Keynote speakers include M.S. Swaminathan, the renowned father of India’s Green Revolution; Chris Elias, President of the Global Development Program at the Bill & Melinda Gates Foundation;  and, Akinwumi Adesina, Nigeria’s Minister of Agriculture and Rural Development and Forbes Africa Person of the Year 2013. Adesina serves on the Global Panel on Agriculture and Food Systems for Nutrition, a newly formed expert group that advises on nutrition-enhancing agricultural and food policies and investments. The panel will convene a special session to explore how biofortification could help decision makers in developing nutrition-sensitive agriculture and food policies.

“The evidence is promising, and we now need to explore the potential for biofortification to enhance agriculture and food policies for nutrition,” says Jeff Waage, Technical Advisor to the Global Panel and Director of the London International Development Centre.

The invitation-only consultation will be livestreamed and moderated by Jeff Koinange, an award-winning Kenyan journalist and past Chief Anchor for Africa for Arise Television and CNN Senior Africa Correspondent.

For more information, please visit the conference website. Learn more about HarvestPlus. Learn more about the Global Panel on Agriculture and Food Systems for Nutrition.

Iron Beans in East Africa

Rwanda will host the Second Global Conference on Biofortification from March 31 to April 2, 2014.  Farmers in the country have been growing iron beans since 2012, when five varieties were released. To date more than 270,000 Rwandan farming households – or 15 percent of rural farmers in the country – are growing and eating this nutritious crop. Iron bean varieites have also been released in the Democratic Republic of the Congo (DRC), where 175,000 households are already planting them. In Uganda, where vitamin A orange sweet potato is already widely grown, iron beans have also been introduced.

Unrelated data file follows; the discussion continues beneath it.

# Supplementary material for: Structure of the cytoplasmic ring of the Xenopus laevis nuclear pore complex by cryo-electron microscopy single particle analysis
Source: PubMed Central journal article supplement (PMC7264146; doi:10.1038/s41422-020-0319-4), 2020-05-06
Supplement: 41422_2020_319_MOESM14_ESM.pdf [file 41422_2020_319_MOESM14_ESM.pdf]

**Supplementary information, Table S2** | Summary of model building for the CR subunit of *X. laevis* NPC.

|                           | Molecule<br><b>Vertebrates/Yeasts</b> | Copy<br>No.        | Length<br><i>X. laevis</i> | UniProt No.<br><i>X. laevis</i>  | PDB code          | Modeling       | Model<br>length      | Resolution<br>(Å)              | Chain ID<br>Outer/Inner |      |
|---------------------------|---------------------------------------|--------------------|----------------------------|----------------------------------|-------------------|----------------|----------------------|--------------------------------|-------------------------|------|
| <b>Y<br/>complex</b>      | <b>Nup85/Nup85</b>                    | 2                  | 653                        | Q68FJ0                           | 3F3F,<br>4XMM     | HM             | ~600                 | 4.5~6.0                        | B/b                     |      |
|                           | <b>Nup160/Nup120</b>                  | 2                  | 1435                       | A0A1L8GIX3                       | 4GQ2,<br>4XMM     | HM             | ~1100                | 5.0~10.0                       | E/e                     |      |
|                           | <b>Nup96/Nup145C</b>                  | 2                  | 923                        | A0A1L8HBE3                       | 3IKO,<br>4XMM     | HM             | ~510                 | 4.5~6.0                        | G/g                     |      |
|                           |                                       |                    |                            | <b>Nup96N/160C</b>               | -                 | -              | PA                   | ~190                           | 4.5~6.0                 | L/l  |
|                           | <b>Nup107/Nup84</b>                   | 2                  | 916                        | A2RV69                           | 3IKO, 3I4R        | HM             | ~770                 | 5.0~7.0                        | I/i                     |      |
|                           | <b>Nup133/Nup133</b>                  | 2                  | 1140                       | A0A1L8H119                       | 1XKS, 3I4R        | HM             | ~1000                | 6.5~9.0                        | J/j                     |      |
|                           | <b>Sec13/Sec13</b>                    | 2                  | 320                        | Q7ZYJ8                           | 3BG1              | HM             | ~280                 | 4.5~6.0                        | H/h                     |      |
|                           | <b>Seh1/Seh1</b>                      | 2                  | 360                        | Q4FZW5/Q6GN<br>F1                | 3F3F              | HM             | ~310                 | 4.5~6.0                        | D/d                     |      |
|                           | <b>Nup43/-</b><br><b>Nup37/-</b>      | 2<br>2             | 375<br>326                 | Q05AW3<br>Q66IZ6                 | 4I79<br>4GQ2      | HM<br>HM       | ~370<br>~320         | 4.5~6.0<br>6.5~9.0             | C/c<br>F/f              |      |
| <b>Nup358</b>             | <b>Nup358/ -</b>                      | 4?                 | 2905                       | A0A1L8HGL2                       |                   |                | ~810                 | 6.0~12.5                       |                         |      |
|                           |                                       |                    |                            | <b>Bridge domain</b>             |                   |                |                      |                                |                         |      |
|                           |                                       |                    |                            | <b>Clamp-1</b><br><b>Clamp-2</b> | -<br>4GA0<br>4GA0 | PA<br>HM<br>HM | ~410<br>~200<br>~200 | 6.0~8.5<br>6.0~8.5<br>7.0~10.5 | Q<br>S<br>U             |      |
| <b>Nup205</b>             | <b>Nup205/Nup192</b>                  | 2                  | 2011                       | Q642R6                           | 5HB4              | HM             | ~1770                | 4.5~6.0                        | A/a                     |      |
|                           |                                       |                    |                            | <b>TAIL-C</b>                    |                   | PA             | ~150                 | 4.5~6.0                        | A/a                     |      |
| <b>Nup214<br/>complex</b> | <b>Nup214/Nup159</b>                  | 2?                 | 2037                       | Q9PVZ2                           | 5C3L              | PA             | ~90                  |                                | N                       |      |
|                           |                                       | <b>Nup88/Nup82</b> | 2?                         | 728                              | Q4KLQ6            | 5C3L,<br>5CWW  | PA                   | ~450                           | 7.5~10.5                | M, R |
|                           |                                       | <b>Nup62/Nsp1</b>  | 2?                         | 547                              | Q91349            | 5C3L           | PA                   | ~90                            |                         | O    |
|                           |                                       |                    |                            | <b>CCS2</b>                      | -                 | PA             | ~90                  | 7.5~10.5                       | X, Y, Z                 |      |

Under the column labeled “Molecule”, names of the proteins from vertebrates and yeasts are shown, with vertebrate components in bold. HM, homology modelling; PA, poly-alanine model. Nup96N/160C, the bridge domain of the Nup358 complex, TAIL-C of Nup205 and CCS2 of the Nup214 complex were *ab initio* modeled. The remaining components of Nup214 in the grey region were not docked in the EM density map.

These countries are all located in sub-Saharan Africa, where iron deficiency is widespread. In the DRC, for example, three-quarters of all children under five lack dietary iron. This means they face increased risk of lowered resistance to disease and impaired learning capacity. Nearly one in three Rwandan children under five is similarly afflicted. Severe anemia, often caused by iron deficiency, increases the risk of women dying in childbirth.

Beans are widely grown and consumed in all three countries.  The iron bean varieties released by HarvestPlus and partners can provide up to 45 percent of daily iron needs -  14 percent more than the commonly grown bean varieties. Fully biofortified beans are ultimately expected to provide up to 60 percent of daily iron needs.  All released iron bean varieties are conventionally bred. Louis Butare, from the Rwanda Agriculture Board, explains the process in this short video:

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More on Iron Beans:

Neil Palmer, On the Trail of DR Congo’s Purple Gorillas
The Sunday Times, ‘Wonder’ Bean Variety Excites Farmers

What is Biofortification?

Getting critical micronutrients (the vitamins and minerals that people need for good health) to the two billion people who lack them has never been more feasible – or tasty – than it is now.

>> Read more

Will Biofortification Work?

As a new strategy in the global campaign to reduce micronutrient deficiencies, breeding nutritious staple food crops (biofortification) and getting them to millions of people worldwide is no longer just an idea; some half a million people are already planting or eating such crops, be it iron beans, vitamin A orange sweet potato, maize or cassava in Africa, or iron pearl millet in India.

Biofortification seeks to provide, through the foods that people eat regularly, the vitamins and minerals (micronutrients) that are essential to a healthy life. Without these micronutrients, people are less likely to reach their full potential. Micronutrient deficiencies can impair the mental and physical development of infant children and adolescents, resulting in lower IQ, stunting, and even blindness. They also reduce the productivity of adult men and women due to increased risk of illness and reduced work capacity. This condition, also known as hidden hunger, affects one in three people globally.

Howarth Bouis is the director of HarvestPlus, a global program to develop and disseminate biofortified crops. In this short video, Bouis answers three questions that need to be asked--and answered-- if biofortification is to be an effective strategy to improve nutrition and public health: